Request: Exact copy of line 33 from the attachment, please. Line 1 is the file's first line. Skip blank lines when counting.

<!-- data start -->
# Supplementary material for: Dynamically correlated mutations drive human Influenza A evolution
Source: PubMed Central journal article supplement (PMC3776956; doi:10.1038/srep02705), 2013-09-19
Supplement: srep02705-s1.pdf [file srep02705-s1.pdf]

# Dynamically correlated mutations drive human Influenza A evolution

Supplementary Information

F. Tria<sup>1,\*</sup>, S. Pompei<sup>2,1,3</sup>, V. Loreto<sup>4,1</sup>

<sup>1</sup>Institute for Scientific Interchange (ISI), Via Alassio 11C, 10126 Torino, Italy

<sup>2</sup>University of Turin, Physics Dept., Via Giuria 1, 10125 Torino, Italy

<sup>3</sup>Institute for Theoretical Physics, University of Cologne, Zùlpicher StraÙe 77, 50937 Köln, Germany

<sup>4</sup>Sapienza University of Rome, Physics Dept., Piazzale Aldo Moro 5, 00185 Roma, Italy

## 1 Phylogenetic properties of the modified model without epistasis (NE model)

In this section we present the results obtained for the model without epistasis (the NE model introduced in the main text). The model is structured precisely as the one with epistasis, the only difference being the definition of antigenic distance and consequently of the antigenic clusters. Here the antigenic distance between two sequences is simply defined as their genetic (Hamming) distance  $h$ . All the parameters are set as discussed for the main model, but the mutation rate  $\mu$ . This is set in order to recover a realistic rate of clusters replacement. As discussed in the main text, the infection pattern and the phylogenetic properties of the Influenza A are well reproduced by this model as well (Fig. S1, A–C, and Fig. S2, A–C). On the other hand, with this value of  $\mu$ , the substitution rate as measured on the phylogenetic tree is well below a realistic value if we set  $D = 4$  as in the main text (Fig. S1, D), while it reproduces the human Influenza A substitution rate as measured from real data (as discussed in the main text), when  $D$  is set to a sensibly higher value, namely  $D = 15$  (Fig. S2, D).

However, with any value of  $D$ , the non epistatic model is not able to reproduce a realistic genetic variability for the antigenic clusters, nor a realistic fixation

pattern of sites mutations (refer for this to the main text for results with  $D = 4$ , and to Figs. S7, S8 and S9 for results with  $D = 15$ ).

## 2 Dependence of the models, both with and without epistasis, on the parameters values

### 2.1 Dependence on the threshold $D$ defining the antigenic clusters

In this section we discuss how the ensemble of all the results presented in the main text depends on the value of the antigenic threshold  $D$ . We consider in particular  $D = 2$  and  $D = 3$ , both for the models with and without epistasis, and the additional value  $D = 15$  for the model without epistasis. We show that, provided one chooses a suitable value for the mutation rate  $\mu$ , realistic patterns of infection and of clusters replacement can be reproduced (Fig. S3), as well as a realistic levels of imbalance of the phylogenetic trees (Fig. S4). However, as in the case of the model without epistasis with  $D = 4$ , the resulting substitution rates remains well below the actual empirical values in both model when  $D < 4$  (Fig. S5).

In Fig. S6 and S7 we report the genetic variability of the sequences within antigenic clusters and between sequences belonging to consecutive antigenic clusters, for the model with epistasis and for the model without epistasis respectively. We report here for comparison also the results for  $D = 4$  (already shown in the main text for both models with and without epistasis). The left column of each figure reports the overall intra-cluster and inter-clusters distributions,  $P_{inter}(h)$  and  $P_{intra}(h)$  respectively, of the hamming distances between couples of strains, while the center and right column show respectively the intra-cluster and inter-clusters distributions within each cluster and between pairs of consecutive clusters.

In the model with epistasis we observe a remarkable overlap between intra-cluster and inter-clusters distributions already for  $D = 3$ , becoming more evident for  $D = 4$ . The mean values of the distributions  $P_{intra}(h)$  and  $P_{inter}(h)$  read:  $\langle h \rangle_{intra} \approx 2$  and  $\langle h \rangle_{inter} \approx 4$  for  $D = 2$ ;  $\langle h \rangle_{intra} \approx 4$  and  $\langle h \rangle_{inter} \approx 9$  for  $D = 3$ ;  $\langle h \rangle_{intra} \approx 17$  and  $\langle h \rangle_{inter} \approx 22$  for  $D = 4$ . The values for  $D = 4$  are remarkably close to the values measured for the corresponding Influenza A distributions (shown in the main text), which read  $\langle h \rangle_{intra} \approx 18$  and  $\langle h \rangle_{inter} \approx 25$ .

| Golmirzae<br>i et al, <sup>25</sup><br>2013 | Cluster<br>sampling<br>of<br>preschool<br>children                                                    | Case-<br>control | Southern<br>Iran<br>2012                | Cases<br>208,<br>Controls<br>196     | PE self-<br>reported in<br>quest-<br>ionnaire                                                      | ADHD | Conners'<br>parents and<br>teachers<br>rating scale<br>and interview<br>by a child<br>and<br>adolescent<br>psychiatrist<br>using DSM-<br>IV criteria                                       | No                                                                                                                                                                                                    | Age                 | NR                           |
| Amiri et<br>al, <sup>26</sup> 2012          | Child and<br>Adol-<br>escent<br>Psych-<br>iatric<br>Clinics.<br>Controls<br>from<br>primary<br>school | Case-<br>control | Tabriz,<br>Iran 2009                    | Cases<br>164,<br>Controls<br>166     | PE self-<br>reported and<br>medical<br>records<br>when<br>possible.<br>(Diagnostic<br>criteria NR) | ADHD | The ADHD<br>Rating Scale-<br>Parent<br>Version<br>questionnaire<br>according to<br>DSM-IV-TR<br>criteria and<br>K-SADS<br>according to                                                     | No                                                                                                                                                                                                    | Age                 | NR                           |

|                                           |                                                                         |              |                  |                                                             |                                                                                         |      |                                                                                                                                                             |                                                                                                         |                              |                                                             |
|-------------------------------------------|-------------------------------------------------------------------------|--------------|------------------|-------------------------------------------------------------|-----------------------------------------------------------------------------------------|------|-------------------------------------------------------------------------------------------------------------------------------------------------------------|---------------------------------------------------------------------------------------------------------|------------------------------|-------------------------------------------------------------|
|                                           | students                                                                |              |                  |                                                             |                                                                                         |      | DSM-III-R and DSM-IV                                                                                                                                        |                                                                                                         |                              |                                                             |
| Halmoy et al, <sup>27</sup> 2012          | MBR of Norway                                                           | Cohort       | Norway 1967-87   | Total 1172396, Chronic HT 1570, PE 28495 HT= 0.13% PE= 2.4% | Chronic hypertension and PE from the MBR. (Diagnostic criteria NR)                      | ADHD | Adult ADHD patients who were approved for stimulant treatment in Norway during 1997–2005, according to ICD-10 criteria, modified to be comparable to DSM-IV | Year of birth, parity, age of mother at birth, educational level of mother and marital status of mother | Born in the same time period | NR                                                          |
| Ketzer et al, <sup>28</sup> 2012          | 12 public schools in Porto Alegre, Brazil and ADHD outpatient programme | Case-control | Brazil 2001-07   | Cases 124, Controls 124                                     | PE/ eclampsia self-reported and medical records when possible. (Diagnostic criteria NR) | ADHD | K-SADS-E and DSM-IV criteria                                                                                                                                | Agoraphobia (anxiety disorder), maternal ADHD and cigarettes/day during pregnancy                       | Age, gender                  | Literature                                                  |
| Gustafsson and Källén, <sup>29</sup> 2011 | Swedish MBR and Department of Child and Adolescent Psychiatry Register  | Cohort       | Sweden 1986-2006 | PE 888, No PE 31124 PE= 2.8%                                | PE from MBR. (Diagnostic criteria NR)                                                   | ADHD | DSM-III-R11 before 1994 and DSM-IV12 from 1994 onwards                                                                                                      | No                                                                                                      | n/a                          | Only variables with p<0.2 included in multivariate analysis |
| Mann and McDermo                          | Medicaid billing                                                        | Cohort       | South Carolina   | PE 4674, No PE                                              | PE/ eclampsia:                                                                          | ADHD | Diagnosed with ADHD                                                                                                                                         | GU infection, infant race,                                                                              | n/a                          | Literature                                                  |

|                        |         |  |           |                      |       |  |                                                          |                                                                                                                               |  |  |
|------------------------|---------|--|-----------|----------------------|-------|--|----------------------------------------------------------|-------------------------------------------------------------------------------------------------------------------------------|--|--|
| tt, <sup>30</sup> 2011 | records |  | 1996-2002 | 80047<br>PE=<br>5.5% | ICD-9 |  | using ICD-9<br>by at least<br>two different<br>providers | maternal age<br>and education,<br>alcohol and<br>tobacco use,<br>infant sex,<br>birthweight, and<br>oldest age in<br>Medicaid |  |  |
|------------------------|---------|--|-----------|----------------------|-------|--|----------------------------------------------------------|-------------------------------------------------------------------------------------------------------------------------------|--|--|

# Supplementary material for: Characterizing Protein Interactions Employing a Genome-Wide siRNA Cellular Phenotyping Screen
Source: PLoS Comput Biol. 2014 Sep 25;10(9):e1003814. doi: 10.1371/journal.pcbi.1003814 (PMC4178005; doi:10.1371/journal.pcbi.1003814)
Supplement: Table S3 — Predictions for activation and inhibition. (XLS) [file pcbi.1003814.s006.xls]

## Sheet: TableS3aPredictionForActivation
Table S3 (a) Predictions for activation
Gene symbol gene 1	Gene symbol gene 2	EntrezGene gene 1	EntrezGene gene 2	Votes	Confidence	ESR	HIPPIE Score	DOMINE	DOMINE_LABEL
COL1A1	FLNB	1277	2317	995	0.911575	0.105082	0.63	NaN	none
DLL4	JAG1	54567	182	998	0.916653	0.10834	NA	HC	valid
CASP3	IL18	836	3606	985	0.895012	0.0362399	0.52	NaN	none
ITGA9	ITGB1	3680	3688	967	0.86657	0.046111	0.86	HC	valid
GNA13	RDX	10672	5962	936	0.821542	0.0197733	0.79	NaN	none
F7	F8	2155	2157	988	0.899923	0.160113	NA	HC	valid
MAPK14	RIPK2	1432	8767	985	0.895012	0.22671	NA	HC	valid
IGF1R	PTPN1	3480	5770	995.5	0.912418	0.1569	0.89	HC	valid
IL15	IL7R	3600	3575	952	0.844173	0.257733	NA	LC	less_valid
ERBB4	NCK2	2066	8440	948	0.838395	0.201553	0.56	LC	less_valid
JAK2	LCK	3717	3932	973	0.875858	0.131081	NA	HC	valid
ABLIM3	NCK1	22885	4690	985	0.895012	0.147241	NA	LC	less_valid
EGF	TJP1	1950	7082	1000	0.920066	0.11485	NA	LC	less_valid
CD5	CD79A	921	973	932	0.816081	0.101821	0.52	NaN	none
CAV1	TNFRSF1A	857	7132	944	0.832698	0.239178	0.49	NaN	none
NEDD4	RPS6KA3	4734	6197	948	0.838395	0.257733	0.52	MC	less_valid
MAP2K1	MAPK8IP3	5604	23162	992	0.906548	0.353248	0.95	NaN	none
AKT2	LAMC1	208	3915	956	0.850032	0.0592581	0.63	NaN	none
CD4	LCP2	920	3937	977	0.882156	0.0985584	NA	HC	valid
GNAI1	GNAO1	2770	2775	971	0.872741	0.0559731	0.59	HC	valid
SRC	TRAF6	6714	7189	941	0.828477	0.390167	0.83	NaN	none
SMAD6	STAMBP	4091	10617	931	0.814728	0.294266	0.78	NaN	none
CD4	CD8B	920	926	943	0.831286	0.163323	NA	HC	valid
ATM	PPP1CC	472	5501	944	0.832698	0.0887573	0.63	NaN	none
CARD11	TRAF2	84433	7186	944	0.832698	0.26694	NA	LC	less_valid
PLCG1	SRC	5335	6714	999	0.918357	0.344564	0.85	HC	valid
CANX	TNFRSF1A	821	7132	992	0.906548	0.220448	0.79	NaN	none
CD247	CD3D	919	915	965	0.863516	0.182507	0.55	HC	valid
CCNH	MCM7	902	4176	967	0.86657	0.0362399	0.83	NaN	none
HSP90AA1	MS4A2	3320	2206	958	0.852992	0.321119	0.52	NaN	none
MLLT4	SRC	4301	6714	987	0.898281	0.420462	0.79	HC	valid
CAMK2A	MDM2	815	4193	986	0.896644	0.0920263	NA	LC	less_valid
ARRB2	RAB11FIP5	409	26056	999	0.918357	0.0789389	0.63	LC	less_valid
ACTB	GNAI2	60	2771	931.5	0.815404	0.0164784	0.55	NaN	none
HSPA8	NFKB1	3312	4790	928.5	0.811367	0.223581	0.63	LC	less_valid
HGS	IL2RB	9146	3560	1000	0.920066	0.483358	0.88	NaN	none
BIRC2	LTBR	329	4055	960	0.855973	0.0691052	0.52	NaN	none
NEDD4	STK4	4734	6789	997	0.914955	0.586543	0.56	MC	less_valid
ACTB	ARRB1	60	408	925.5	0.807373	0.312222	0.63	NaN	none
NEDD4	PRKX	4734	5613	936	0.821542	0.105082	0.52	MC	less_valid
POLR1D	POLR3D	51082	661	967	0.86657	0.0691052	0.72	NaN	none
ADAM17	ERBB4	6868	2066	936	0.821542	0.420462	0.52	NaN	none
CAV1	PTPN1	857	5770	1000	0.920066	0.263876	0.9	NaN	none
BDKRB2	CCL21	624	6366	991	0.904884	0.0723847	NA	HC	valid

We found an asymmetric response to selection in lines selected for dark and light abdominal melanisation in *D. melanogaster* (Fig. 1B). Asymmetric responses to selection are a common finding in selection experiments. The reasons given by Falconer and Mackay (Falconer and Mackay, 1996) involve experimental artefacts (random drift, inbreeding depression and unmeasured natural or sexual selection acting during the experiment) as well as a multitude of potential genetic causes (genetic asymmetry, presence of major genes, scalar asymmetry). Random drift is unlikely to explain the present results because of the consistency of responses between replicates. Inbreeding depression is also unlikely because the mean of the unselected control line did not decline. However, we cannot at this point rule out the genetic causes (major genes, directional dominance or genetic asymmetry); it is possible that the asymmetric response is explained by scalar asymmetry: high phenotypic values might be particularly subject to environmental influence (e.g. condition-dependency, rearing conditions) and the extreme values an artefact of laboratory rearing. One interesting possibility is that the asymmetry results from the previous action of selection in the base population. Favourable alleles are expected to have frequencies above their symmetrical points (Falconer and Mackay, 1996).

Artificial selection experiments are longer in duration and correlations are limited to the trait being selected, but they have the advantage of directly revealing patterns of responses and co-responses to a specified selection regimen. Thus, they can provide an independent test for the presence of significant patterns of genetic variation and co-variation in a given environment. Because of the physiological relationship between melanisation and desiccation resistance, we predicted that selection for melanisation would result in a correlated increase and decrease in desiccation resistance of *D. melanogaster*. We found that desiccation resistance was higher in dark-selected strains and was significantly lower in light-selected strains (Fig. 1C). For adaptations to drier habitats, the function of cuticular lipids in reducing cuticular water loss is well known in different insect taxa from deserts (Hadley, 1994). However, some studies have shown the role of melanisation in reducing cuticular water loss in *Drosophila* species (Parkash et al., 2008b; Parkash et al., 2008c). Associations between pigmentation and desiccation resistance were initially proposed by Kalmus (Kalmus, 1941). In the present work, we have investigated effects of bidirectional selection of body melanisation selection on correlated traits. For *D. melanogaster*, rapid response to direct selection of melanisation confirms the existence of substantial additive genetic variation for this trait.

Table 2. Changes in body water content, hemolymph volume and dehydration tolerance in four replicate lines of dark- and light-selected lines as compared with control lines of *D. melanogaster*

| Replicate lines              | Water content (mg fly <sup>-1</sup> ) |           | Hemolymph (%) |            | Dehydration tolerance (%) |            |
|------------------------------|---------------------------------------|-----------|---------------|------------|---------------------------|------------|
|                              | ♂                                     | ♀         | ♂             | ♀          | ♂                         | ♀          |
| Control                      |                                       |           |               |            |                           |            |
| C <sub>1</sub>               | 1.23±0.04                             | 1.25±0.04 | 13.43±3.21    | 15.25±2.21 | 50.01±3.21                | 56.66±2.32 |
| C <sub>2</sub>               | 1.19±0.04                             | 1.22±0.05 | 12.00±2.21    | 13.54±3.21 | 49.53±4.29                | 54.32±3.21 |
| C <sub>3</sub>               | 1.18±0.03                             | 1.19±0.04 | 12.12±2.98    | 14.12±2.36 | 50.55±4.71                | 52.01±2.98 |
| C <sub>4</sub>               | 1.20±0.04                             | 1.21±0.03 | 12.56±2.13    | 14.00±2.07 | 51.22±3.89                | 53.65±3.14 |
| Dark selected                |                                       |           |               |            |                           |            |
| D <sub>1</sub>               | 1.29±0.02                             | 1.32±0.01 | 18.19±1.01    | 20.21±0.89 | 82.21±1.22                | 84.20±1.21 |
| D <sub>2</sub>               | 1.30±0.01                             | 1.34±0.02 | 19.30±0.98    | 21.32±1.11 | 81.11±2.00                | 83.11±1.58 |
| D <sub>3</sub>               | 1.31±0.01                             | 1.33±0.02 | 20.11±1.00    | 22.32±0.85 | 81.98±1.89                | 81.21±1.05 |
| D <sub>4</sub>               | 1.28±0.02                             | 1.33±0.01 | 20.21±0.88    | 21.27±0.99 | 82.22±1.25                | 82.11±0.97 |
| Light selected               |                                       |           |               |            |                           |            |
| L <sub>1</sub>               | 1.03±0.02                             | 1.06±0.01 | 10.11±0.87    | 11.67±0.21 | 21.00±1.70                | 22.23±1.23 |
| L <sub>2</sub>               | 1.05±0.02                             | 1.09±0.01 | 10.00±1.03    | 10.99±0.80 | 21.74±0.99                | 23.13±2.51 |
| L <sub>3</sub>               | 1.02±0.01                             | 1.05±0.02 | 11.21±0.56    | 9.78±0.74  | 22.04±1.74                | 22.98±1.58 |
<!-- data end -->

# Supplementary material for: Characterizing Protein Interactions Employing a Genome-Wide siRNA Cellular Phenotyping Screen